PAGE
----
Andrea del Sarto
Browning's Faultless Painter
Florentine Andea del Sarto (1486–1530) was born Andrea d'Agnolo but was better known as 'del Sarto' (of the tailor) after his father's trade. He was a student of the quirky Piero di Cosimo and Raffaellino del Garbo, but he was also influenced by Leonardo's sfumato technique, although with a love of rich, proto-Mannerist colours.
Between 1509-14, he, along with his slightly older follower Franciabigio frescoed the atrium of Santissima Annunziata with the Life and Miracles of Filippo Benizzi, the Procession of the Magi and his masterful Birth of the Virgin which was so admired that he was nicknamed Andrea senza Errori, the Faultless Painter.
He would return in later years to paint other scenes at SS. Annunziata, including one of his masterpieces the Madonna del Sacco in 1525. Alongside that project, Franciabigio and Andrea also began a series of monochrome grisailles in the Chiostro dello Scalzo, work that Andrea would return to again and again throughout his career. An odd choice, it seems, for someone in love with colour. But they prove his exquisite draughtsmanship, especially the lovely Baptism of Christ.
In 1518-19 Andrea went to France at the invitation of François I, leaving his beautiful wife and model for his Madonnas, Lucrezia, behind. Andrea had fallen in love with her when she was married to a hatter, who conveniently died. Historians argue whether she was the money grubbing harpy portrayed by Giorgio Vasari, biographer and one of Andrea's students (he was introduced to Andrea by Michelangelo): 'faithless, jealous, and vixenish with the apprentices,' said Vasari, who should know, and who would in his Lives of the Artists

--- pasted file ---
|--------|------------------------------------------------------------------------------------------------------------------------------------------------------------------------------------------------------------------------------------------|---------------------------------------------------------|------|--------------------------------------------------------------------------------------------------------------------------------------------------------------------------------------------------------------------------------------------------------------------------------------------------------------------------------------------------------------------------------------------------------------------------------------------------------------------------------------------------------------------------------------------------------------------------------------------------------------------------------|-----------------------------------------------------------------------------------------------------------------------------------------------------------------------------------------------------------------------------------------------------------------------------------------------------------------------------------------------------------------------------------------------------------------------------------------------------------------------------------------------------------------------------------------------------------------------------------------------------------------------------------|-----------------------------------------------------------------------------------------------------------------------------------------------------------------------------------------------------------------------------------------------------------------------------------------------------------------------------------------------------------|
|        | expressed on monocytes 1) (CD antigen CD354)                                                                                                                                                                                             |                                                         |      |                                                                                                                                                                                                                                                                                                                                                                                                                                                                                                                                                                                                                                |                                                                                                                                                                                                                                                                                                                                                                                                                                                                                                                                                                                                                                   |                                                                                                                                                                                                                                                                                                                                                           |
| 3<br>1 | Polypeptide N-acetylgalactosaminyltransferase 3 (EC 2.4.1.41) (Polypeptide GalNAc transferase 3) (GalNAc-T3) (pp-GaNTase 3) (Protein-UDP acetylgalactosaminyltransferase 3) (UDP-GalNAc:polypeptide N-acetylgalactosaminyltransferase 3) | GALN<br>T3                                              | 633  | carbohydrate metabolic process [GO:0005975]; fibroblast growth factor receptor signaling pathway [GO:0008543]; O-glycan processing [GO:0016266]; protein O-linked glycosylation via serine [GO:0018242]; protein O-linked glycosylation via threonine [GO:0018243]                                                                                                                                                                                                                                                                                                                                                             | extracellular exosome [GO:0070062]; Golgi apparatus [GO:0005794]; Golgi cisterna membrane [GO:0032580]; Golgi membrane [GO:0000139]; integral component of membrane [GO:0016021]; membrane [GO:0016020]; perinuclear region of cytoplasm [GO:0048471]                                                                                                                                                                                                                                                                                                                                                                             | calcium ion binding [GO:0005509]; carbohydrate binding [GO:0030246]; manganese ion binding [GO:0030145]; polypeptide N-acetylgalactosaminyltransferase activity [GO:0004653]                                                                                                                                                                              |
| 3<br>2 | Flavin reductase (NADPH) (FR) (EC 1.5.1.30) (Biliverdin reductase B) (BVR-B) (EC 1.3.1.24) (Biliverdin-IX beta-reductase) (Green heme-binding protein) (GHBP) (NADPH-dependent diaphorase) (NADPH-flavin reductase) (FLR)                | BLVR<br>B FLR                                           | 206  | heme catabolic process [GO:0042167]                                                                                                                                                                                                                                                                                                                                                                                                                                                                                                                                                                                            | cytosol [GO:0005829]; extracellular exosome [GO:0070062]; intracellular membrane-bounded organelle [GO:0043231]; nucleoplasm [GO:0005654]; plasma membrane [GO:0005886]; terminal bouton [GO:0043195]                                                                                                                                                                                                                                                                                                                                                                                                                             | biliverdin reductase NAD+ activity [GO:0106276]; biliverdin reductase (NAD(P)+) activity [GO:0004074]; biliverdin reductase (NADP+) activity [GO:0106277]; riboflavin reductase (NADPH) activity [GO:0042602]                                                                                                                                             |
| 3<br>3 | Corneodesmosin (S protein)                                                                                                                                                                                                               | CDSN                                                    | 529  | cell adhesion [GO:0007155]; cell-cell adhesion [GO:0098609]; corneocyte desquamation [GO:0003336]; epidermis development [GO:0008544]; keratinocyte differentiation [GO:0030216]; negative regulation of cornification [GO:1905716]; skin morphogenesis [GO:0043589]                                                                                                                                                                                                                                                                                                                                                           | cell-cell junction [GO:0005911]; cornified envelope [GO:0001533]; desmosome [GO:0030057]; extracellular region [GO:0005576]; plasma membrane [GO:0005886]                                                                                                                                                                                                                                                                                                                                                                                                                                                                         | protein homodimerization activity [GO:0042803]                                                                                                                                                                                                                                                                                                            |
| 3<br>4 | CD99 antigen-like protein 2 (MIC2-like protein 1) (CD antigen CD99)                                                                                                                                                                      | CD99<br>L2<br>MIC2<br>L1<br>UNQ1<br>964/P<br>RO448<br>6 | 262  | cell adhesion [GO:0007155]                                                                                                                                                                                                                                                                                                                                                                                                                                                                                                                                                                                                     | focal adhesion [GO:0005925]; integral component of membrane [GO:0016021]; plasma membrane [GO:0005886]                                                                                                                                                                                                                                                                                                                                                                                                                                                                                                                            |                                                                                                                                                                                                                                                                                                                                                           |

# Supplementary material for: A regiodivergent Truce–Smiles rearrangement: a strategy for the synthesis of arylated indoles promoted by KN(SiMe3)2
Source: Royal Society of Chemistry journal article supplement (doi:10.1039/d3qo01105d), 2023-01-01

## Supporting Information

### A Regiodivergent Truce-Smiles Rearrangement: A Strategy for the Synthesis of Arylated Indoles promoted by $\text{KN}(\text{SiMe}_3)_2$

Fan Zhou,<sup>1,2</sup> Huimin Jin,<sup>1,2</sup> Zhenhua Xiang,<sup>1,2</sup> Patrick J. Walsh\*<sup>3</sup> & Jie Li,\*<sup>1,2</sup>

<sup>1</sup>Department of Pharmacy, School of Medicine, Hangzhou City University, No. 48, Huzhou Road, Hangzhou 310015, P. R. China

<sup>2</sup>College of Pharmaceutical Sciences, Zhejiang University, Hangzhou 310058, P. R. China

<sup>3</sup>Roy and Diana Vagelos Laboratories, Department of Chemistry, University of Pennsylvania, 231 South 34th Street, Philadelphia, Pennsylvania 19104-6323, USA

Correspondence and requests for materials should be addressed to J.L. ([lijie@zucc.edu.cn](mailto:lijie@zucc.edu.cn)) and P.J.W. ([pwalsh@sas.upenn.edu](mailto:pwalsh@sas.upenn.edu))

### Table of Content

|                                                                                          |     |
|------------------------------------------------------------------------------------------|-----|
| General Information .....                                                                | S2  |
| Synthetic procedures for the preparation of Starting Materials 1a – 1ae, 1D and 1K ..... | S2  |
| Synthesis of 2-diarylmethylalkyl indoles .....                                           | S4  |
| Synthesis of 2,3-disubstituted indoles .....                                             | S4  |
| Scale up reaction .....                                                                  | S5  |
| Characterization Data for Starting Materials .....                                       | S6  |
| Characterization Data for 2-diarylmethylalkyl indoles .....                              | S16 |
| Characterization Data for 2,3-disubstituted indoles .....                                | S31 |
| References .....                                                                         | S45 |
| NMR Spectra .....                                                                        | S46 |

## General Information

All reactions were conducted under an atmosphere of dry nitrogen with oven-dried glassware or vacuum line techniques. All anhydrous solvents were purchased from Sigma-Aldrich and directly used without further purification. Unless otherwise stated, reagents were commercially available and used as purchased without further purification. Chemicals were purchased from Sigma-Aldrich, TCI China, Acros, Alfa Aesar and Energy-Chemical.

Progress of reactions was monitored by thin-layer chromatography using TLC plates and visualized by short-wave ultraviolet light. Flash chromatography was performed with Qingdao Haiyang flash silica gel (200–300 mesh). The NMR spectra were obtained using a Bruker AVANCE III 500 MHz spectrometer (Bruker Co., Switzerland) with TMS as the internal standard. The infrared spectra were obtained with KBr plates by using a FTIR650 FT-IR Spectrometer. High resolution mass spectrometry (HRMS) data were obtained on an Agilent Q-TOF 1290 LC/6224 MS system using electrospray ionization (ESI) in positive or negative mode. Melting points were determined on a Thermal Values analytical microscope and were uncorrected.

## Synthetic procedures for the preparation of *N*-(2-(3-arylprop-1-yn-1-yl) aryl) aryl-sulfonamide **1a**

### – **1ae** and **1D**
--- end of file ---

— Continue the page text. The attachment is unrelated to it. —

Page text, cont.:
The story (used by Browning in his poem, Andrea del Sarto) is that while he was in France, Lucrezia wrote to him, demanding his return. François gave his permission for a leave of absence, and also entrusted him with a sum to purchase paintings for the French court, which Andrea used instead to build a rather grand house not far from the Scalzo, and so became a persona non-grata in France.
It still stands on the corner of Via Gino Capponi 22 and Via Giuseppe Giusti 49 (today it houses the offices of the cultural Kunsthistorisches Institut).
After Andrea worked on altarpieces, including his masterful Madonna of the Harpies painted for the church of San Francesco dei Macci in Florence, now in the Uffizi, so named after the figures on the Madonna's pedestal.
His final work, the Cenacolo di Andrea del Sarto (San Salvi) was much praised by Vasari. He stayed in Florence during the terrible siege of 1529-30, and caught the plague. Vasari remarks that he died alone and uncared for by his Lucrezia (who was probably afraid of catching it), and who outlived him by 40 years.